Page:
As I floated over the mountainous buildings, between windows of offices, toward the blue sky, I saw people at desks, board-meets, couriers, I saw hustling and I saw bustling. And I ascended upward.

There was a line from Dante’s Purgatorio which was translated to say “a cloud enclosed us”; myself and the balloon, Dante and Beatrice; the protagonist and the guide. Retrospectively I have the idea that my thoughts were searching for something divine. I was dreaming about what was beyond the reaches of the city. Perhaps I was yearning to explore the world, who the fuck knows?

My life growing up in Melbourne entailed living in suburban and then urban areas, very urban. In lived in three-storey terrace houses with twenty bodies, cheap wine carpets and dimsim dipped in curry dinners. I moved to Sydney warehouses on busy streets with apartments flats towering around, no privacy, only fumes. The one patch of paradise was hanging off the fire escape mid air either accepting how beautiful urban profanities were or wishing my way out. There was a piece in “the balloon” called “Flying out the 3rd storey window”. Suicide is not something that is particularly interesting to everyone … though I’ve met people who think of it all the time. I seem to be a very good coper. The song-title didn’t actually mean that I was flying downwards, more up really. I don’t know how I coped with Sydney. Perhaps I didn’t cope, I just moved to Central Australia, I got the hell out of Sydney.

Part II – Death

A very charismatic man, came for a very philosophical planning day for the Remote Mental Health Team and put the first line of a poem by Gabriel Garcia Lorca (another Gabriel) to us –

“ (Perhaps it occurred because he hadn’t learnt his geometry) ”

Perhaps he hadn’t … I hadn’t thought about this in terms of geometry.

Suicide in Aboriginal societies is something that plagues all of us in Central Australia who are not racist bastards. Suicide didn’t really exist in Aboriginal cultures around twenty years ago. It’s rampant now. Where suicide in Western societies is generally thought about in terms of depression, suicide in Aboriginal societies almost exclusively comes under the banner of powerlessness. Most suicides have a few common elements – domestic violence; an argument between families; and an individual tries to take their life in a public place where they are easily seen by everyone, sometimes succeeding, but never with a truthful purpose; Alcohol is often involved but not necessarily.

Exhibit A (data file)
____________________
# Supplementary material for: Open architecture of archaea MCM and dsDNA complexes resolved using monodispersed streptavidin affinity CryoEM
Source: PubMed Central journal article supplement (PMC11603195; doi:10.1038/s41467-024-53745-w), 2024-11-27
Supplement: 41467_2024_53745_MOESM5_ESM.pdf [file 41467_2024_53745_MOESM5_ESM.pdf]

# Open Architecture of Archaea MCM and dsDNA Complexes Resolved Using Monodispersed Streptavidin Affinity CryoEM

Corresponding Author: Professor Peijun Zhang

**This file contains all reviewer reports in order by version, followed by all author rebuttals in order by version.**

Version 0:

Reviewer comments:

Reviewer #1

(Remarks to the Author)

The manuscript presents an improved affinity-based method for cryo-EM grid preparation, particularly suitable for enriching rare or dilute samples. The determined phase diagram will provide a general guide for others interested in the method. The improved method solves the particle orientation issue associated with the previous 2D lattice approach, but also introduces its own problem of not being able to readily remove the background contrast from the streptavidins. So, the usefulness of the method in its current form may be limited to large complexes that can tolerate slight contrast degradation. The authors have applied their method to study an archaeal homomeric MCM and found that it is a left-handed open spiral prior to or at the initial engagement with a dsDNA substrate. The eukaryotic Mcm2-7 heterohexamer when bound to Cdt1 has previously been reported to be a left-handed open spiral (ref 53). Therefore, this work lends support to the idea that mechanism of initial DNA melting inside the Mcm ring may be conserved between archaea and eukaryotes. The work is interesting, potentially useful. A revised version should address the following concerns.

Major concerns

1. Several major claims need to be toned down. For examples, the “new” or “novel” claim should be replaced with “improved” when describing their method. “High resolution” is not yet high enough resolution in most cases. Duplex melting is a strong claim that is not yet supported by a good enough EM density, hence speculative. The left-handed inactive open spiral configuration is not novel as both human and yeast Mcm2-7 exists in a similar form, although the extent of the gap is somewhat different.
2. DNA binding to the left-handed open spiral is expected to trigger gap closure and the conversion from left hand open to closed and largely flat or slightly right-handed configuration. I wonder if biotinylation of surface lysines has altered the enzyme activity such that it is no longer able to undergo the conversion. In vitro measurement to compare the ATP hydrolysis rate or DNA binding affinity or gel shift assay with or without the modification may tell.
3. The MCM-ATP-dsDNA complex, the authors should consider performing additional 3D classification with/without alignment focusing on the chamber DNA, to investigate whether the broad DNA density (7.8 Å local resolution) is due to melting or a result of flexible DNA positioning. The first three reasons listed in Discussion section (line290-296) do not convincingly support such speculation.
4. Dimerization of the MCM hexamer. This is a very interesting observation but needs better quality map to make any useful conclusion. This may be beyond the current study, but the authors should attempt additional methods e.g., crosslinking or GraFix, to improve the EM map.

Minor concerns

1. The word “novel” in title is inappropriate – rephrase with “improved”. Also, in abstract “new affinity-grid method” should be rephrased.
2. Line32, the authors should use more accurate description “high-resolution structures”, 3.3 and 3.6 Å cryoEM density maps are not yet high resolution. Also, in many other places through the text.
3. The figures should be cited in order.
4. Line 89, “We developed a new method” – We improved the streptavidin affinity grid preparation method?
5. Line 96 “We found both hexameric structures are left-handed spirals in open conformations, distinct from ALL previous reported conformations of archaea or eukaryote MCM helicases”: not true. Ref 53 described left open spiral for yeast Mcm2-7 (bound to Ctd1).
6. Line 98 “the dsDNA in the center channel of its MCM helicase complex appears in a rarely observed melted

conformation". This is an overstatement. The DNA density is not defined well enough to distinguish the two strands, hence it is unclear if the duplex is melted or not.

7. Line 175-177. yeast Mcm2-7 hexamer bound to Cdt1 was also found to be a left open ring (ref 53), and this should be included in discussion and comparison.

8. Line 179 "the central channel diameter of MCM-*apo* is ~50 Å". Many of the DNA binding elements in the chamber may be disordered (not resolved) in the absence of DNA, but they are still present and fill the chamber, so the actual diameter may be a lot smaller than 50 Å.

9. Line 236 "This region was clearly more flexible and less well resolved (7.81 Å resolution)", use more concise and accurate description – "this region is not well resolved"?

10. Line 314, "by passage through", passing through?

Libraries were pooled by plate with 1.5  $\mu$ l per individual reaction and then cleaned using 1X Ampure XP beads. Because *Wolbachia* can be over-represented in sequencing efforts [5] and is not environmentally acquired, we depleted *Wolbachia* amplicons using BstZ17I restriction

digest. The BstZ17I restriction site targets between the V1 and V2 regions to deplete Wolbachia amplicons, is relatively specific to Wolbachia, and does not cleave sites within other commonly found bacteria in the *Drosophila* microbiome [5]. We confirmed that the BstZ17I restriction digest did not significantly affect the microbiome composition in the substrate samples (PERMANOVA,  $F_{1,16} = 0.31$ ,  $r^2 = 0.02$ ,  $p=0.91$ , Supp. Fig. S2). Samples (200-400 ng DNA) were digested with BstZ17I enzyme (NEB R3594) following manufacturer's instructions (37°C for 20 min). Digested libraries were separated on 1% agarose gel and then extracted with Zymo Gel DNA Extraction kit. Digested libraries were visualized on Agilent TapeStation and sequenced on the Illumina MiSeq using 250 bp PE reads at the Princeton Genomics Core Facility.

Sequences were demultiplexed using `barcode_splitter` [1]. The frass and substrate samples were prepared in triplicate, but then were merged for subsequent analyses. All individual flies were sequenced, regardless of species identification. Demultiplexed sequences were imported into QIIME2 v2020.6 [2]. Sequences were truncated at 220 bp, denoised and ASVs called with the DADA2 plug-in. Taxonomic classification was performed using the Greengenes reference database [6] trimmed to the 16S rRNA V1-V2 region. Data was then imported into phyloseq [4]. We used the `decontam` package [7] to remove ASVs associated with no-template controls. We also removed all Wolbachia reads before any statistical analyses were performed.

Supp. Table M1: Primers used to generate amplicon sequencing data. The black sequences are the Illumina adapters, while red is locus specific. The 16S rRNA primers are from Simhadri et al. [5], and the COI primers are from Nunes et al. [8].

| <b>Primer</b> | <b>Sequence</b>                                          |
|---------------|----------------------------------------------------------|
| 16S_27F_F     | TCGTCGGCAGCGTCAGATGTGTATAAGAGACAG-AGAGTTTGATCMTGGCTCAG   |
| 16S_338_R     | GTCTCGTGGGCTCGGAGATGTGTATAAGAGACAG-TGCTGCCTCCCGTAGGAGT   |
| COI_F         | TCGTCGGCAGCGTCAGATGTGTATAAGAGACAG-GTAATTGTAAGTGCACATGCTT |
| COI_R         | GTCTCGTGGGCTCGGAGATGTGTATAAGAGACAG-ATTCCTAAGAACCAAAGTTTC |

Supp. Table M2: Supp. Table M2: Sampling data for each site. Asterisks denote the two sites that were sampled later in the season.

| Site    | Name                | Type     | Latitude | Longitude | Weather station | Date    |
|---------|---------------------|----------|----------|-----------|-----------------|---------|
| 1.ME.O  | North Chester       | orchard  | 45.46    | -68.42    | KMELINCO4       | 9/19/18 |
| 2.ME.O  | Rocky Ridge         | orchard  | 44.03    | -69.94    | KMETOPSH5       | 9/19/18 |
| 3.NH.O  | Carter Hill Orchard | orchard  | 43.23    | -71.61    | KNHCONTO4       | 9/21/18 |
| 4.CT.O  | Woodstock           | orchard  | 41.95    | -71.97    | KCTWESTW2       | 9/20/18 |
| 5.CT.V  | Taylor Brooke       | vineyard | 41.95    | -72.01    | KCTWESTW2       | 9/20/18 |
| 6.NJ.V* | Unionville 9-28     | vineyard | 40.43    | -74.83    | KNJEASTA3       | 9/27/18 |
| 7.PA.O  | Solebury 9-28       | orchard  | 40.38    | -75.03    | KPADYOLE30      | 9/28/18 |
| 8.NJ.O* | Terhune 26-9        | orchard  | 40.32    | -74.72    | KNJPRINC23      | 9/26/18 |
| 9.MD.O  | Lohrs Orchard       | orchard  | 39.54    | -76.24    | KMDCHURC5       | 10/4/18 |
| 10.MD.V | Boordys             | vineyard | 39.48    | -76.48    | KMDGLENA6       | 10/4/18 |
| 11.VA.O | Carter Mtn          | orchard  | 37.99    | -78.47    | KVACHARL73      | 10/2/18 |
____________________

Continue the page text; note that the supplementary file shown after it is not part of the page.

They are seen to be extremely impulsive and the perpetrators do not usually have thoughts of suicide and do not have depression per se. Suicide prevention is a tough concept for NGOs. The problem they face is how one combats an enemy with this elusive nature. The locus of the perpetrator’s control is so far from their centre of gravity it’s hard to imagine that they can stand on solid ground without falling to their dooms. The perpetrators are many and give no warning signs until the screaming comes, the heat of the moment seems to burn all ties with reason as they teeter on the edge of oblivion.

It is important to note that this type of suicide, used as a threat under pressure, is not at all singularly related to Australian Aboriginal people but is also found in all societies where there is some breakdown of structure. The Western suburbs of Sydney would sport its own fair share of this behaviour, but perhaps not on the widespread level that this behaviour has been taken on in the last twenty or so years.

Geometry is the study of bodies in space, the distance between this object and that one, their angles, their connections, my relationship to you, your relationship to the government, this could extend from country to country, the planet to the sun, the solar system to the galaxy so on, so forth, etc, Amen.